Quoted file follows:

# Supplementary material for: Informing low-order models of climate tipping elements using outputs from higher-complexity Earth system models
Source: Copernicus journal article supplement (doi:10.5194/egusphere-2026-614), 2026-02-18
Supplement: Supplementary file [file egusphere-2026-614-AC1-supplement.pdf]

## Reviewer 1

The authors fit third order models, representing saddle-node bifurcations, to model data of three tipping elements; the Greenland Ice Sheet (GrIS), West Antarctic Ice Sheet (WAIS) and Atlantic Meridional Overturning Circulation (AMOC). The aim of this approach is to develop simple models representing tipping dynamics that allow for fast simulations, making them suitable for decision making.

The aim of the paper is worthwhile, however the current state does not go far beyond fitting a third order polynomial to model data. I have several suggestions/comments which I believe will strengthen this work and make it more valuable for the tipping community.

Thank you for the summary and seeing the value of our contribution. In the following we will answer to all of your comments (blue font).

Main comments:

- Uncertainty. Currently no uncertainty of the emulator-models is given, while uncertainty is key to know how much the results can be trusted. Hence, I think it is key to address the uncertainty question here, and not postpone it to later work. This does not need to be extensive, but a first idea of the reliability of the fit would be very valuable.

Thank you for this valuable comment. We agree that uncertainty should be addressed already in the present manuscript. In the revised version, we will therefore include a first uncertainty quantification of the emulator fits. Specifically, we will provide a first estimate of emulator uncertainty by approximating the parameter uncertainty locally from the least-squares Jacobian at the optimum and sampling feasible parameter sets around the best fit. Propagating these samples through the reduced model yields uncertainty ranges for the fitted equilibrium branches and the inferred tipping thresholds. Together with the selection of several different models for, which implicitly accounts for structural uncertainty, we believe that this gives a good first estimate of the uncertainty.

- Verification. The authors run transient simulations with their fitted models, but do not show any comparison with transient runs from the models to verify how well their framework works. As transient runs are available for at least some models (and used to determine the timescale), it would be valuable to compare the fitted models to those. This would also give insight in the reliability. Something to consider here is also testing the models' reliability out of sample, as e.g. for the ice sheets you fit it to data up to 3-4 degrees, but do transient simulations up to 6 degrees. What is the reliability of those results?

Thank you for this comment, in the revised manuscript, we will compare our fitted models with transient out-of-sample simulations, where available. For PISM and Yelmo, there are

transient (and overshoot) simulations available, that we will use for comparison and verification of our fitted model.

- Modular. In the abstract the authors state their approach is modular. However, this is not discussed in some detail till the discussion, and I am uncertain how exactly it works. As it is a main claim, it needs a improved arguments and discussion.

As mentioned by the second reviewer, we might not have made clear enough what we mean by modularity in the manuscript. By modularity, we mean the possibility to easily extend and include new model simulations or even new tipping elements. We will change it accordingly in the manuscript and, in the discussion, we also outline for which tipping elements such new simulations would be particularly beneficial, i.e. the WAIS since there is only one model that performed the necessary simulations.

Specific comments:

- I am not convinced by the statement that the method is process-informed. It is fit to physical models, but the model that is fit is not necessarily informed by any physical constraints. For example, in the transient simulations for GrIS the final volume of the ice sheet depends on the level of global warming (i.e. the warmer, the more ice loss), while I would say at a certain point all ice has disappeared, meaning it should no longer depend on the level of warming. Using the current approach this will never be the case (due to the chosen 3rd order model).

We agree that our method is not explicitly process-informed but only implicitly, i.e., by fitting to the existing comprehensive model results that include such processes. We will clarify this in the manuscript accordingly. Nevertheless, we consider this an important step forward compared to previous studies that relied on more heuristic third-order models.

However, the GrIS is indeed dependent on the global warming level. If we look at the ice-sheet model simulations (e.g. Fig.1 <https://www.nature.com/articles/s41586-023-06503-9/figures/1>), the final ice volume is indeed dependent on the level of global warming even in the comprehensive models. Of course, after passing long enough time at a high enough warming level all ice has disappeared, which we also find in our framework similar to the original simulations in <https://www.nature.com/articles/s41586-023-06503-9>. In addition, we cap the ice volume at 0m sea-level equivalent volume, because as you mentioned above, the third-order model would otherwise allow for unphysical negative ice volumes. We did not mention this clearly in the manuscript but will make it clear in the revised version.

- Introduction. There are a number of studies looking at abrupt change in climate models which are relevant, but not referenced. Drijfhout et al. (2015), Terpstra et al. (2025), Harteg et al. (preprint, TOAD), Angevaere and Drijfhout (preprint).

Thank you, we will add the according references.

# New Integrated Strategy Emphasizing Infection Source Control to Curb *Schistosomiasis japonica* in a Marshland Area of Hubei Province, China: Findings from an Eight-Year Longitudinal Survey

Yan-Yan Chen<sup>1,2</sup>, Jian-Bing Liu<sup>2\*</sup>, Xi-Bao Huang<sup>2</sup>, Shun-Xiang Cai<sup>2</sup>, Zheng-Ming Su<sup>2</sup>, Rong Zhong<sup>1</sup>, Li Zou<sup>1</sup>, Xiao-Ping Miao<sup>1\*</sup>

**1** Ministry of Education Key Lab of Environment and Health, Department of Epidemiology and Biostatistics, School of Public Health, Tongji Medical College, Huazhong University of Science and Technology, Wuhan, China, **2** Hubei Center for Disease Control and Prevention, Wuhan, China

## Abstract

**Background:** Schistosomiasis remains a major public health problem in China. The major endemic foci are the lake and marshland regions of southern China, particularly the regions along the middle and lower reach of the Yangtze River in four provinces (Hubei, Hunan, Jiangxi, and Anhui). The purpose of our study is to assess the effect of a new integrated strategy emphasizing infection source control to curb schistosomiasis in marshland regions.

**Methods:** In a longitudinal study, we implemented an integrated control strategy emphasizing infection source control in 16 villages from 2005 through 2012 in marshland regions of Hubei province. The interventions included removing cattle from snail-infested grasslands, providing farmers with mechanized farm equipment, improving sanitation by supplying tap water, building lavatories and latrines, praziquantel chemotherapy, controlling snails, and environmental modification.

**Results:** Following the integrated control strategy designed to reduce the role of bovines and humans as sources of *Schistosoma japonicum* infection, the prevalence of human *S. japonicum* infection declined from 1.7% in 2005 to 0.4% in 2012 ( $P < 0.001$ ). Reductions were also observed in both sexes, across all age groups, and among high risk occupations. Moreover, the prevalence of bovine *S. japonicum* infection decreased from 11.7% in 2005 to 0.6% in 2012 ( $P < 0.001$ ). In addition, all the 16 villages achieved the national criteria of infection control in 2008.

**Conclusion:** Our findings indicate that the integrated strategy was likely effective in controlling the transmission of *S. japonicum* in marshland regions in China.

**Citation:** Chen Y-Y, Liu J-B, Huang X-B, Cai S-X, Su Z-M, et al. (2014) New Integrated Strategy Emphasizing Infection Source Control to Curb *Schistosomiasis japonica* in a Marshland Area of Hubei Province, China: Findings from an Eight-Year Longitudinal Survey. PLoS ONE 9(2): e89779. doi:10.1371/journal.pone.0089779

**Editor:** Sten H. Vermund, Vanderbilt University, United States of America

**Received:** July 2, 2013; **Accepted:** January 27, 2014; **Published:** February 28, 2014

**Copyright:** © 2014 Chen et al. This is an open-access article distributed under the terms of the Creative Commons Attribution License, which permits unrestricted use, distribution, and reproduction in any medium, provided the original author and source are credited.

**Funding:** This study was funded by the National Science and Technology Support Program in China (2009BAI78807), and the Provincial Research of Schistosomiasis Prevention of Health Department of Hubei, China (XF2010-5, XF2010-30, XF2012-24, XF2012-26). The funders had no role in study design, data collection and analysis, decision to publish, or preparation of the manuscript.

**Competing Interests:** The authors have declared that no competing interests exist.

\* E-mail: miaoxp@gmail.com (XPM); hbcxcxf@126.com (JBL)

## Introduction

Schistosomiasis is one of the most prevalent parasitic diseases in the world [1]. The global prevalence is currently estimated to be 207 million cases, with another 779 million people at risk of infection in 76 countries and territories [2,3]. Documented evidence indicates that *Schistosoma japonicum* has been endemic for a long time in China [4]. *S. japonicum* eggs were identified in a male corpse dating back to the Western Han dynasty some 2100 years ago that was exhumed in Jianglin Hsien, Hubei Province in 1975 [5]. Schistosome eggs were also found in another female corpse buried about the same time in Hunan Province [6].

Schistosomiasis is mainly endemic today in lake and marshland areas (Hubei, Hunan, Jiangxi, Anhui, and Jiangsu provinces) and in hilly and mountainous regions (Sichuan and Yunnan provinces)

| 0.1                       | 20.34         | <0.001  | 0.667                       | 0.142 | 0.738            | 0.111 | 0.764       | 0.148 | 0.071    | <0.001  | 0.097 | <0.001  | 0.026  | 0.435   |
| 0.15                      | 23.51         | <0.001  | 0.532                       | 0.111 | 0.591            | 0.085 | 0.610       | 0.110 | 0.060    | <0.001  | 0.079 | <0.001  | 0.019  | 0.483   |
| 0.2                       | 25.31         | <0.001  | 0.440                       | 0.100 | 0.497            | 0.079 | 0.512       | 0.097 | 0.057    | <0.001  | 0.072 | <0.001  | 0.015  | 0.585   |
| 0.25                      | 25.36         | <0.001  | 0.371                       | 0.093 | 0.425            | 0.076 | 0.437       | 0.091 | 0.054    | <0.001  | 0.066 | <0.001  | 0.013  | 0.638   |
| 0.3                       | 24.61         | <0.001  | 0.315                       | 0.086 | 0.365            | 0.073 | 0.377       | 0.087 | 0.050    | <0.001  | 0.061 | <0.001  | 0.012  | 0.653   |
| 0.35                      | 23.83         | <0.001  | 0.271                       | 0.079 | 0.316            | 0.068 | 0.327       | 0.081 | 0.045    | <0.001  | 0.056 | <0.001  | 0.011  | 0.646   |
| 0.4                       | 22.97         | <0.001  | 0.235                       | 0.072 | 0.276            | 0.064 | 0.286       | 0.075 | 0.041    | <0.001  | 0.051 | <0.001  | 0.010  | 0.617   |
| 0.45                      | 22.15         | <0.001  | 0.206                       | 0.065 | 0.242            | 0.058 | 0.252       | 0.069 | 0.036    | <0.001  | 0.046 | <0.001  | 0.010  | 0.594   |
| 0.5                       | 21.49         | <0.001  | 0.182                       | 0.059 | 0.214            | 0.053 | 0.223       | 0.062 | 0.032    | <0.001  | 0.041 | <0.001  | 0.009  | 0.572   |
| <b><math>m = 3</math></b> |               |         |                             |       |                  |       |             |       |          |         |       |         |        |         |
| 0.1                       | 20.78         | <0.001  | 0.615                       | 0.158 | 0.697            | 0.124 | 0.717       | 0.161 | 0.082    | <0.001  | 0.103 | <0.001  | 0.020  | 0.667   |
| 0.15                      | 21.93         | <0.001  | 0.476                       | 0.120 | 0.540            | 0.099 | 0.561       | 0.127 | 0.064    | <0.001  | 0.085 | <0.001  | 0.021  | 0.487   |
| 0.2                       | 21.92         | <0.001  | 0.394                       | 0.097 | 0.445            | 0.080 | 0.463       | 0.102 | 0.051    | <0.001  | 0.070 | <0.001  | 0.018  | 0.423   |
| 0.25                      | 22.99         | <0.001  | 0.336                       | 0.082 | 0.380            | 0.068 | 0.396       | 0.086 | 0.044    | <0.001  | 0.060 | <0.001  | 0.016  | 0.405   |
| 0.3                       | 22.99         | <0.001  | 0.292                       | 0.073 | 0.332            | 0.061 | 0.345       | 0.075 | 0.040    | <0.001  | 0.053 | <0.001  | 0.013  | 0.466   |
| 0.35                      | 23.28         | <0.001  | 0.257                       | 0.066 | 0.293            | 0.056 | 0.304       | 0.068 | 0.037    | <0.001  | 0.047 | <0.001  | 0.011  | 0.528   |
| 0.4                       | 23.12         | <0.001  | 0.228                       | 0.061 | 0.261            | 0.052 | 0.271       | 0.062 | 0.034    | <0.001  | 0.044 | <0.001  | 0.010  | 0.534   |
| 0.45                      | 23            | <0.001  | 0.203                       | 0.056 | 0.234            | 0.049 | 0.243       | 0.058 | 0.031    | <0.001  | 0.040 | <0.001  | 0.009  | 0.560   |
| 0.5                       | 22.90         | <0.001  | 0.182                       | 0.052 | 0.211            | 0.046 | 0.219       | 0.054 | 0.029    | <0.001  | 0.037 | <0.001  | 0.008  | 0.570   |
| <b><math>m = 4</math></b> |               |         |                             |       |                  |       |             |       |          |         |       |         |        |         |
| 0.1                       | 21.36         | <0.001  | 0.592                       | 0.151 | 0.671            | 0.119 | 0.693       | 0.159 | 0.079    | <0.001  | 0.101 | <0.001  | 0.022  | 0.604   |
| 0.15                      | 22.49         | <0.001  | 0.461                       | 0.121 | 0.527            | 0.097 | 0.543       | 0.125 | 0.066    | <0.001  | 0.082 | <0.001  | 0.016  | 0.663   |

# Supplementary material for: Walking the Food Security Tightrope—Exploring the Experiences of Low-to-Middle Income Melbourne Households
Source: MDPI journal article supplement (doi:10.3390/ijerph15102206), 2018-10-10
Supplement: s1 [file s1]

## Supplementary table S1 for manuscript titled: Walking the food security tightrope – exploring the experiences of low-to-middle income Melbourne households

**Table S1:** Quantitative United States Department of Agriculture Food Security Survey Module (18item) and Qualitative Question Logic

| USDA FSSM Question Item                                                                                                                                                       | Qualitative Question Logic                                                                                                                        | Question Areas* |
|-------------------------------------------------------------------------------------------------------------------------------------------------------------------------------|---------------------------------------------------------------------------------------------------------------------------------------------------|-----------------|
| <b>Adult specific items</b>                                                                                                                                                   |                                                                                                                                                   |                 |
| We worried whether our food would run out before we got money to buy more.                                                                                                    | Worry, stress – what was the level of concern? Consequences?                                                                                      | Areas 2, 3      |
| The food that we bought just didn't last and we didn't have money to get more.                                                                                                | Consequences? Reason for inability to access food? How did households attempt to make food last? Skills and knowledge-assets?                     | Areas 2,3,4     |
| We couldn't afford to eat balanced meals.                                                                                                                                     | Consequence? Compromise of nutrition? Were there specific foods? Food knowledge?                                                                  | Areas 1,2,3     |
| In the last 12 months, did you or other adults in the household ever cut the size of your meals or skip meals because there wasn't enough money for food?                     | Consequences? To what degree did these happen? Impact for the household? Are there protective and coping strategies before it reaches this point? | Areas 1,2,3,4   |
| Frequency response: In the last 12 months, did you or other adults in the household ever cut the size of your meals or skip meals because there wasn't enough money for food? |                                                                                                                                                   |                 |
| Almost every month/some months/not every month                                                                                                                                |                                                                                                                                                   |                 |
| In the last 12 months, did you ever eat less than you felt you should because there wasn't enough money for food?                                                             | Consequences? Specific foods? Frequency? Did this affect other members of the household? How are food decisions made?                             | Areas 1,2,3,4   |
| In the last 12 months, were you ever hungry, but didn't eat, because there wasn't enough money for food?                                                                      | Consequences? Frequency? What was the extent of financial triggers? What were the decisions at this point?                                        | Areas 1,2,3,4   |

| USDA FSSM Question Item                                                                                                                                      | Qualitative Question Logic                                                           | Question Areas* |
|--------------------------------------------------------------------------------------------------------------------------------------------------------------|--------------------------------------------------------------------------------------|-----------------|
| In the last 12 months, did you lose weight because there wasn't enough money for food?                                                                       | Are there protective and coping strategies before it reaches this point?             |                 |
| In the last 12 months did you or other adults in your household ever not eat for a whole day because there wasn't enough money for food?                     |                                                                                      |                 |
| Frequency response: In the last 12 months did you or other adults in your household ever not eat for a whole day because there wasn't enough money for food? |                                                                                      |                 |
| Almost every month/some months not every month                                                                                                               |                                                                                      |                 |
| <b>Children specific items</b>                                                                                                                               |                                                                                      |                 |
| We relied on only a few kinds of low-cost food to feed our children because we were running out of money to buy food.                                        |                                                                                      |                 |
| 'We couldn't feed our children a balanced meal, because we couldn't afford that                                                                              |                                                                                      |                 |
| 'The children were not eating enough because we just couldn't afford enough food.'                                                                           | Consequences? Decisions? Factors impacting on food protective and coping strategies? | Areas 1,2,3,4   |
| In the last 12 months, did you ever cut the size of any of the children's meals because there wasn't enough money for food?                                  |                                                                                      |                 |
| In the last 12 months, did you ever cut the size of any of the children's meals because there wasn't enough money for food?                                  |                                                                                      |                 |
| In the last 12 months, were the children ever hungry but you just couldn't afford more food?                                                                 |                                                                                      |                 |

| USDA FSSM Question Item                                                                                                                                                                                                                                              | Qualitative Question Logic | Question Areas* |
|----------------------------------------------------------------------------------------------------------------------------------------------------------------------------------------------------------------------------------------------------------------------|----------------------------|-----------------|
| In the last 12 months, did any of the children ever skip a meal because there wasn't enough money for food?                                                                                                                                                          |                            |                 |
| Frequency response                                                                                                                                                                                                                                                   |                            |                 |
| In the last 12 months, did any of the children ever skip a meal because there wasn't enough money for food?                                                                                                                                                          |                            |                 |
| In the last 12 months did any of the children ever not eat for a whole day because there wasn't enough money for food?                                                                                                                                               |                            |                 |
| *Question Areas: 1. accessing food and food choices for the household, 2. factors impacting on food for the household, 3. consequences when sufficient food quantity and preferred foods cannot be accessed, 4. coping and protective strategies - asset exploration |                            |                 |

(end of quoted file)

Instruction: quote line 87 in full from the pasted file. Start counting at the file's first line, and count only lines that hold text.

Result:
| 'The children were not eating enough because we just couldn't afford enough food.'                                                                           | Consequences? Decisions? Factors impacting on food protective and coping strategies? | Areas 1,2,3,4   |